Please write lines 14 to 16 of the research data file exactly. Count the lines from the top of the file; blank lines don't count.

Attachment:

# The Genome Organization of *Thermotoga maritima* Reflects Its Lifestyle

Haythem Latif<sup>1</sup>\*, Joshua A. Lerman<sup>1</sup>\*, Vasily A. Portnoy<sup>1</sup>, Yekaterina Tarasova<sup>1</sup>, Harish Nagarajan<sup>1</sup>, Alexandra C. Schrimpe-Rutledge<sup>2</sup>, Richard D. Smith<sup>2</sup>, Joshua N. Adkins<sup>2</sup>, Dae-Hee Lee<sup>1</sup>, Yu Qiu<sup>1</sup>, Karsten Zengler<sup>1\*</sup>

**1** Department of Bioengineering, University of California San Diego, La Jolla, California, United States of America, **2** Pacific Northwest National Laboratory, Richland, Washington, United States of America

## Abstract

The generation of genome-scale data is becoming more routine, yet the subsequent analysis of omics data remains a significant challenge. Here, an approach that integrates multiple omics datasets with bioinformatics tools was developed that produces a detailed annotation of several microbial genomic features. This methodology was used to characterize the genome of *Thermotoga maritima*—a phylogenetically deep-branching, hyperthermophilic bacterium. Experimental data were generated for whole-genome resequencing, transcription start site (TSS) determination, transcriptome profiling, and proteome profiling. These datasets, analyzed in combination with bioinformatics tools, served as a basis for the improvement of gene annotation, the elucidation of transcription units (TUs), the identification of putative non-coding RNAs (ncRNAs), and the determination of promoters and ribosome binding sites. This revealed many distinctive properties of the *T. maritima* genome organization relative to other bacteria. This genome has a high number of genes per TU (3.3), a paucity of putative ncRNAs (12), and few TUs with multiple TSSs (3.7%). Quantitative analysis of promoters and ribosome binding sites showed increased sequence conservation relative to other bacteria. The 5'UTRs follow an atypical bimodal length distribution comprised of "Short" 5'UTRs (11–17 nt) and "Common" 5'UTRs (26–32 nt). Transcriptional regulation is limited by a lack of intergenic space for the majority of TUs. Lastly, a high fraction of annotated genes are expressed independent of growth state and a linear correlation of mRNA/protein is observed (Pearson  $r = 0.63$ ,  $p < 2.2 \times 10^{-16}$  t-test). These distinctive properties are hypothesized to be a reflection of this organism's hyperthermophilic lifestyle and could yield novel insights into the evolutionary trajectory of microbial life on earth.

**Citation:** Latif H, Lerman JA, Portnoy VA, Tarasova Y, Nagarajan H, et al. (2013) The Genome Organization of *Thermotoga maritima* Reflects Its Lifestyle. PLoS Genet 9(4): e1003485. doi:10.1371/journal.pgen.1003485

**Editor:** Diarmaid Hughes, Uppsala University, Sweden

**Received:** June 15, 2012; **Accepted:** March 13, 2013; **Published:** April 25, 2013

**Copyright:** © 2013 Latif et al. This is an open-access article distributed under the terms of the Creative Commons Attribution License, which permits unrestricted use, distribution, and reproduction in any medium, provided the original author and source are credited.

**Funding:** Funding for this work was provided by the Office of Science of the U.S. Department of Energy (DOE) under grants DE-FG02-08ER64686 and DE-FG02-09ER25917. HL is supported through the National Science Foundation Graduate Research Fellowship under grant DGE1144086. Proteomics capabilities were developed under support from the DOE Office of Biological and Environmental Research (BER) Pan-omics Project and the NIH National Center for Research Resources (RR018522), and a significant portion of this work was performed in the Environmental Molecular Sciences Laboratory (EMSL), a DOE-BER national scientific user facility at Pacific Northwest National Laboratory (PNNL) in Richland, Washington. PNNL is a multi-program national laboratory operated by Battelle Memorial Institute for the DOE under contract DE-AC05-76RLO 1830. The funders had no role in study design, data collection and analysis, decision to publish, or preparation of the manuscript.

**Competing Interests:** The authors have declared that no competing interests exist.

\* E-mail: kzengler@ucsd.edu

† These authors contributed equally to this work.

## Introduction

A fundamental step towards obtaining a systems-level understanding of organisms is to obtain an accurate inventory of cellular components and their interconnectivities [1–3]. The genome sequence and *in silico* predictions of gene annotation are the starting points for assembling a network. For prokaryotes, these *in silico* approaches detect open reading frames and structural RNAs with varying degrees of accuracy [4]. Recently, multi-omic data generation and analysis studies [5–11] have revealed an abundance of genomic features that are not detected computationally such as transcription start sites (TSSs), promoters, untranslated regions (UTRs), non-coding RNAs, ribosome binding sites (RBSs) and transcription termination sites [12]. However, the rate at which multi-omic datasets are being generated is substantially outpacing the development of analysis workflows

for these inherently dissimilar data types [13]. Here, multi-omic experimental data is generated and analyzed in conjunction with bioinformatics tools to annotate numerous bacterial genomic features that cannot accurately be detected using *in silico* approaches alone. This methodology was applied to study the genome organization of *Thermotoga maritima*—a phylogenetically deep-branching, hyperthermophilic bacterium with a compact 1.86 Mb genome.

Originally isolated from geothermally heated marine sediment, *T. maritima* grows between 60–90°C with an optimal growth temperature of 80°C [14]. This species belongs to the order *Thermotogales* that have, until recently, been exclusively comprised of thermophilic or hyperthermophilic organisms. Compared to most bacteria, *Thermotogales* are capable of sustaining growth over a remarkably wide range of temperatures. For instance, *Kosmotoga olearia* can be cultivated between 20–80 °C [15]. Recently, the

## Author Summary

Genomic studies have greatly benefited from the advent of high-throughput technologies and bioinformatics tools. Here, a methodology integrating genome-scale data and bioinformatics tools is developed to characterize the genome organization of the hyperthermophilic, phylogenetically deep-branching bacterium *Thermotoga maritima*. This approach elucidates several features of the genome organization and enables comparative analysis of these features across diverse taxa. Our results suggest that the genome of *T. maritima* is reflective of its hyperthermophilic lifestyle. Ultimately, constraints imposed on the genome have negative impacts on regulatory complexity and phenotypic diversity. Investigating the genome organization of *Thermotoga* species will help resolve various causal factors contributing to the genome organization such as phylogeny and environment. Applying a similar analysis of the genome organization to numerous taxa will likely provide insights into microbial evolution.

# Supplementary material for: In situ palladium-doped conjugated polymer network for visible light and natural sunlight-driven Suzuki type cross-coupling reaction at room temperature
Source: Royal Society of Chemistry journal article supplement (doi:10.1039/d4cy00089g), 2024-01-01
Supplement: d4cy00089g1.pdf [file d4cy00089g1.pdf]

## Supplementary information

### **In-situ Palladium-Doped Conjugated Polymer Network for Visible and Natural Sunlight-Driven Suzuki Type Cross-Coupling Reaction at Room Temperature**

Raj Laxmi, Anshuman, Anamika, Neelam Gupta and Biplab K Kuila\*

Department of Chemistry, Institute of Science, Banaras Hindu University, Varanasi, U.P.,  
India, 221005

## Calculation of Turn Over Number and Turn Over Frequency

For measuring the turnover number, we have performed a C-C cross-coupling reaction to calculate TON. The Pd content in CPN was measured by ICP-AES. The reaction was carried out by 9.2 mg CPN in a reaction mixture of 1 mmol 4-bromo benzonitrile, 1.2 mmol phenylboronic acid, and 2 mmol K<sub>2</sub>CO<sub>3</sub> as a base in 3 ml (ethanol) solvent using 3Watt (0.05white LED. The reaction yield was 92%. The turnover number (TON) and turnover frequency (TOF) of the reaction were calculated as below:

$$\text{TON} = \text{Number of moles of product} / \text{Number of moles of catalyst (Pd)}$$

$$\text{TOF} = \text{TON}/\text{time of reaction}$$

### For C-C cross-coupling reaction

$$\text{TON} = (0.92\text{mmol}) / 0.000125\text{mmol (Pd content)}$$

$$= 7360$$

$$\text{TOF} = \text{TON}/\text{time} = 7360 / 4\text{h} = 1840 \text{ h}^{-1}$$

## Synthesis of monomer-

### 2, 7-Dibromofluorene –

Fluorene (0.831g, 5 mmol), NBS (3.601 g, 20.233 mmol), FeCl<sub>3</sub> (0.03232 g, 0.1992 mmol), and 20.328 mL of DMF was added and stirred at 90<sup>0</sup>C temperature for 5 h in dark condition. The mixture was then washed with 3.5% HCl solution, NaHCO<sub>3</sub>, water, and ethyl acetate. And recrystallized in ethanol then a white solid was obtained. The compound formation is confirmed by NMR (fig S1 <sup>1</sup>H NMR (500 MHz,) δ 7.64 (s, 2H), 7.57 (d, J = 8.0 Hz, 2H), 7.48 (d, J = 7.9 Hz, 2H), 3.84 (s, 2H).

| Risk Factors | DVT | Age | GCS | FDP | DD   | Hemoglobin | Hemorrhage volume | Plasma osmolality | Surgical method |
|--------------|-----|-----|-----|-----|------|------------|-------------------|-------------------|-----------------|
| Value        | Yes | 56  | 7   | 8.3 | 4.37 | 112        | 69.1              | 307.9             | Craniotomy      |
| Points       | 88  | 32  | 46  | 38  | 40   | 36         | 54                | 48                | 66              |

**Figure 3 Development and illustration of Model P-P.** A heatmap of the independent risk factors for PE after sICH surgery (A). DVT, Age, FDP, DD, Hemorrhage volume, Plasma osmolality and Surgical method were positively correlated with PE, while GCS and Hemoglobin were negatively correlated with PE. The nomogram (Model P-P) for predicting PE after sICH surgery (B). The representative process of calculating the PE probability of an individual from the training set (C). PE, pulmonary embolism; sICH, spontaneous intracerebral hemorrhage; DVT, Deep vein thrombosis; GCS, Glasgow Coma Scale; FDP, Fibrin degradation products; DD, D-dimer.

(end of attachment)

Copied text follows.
## Introduction

A fundamental step towards obtaining a systems-level understanding of organisms is to obtain an accurate inventory of cellular components and their interconnectivities [1–3]. The genome sequence and *in silico* predictions of gene annotation are the starting points for assembling a network. For prokaryotes, these *in silico* approaches detect open reading frames and structural RNAs with varying degrees of accuracy [4]. Recently, multi-omic data generation and analysis studies [5–11] have revealed an abundance of genomic features that are not detected computationally such as transcription start sites (TSSs), promoters, untranslated regions (UTRs), non-coding RNAs, ribosome binding sites (RBSs) and transcription termination sites [12]. However, the rate at which multi-omic datasets are being generated is substantially outpacing the development of analysis workflows

for these inherently dissimilar data types [13]. Here, multi-omic experimental data is generated and analyzed in conjunction with bioinformatics tools to annotate numerous bacterial genomic features that cannot accurately be detected using *in silico* approaches alone. This methodology was applied to study the genome organization of *Thermotoga maritima*—a phylogenetically deep-branching, hyperthermophilic bacterium with a compact 1.86 Mb genome.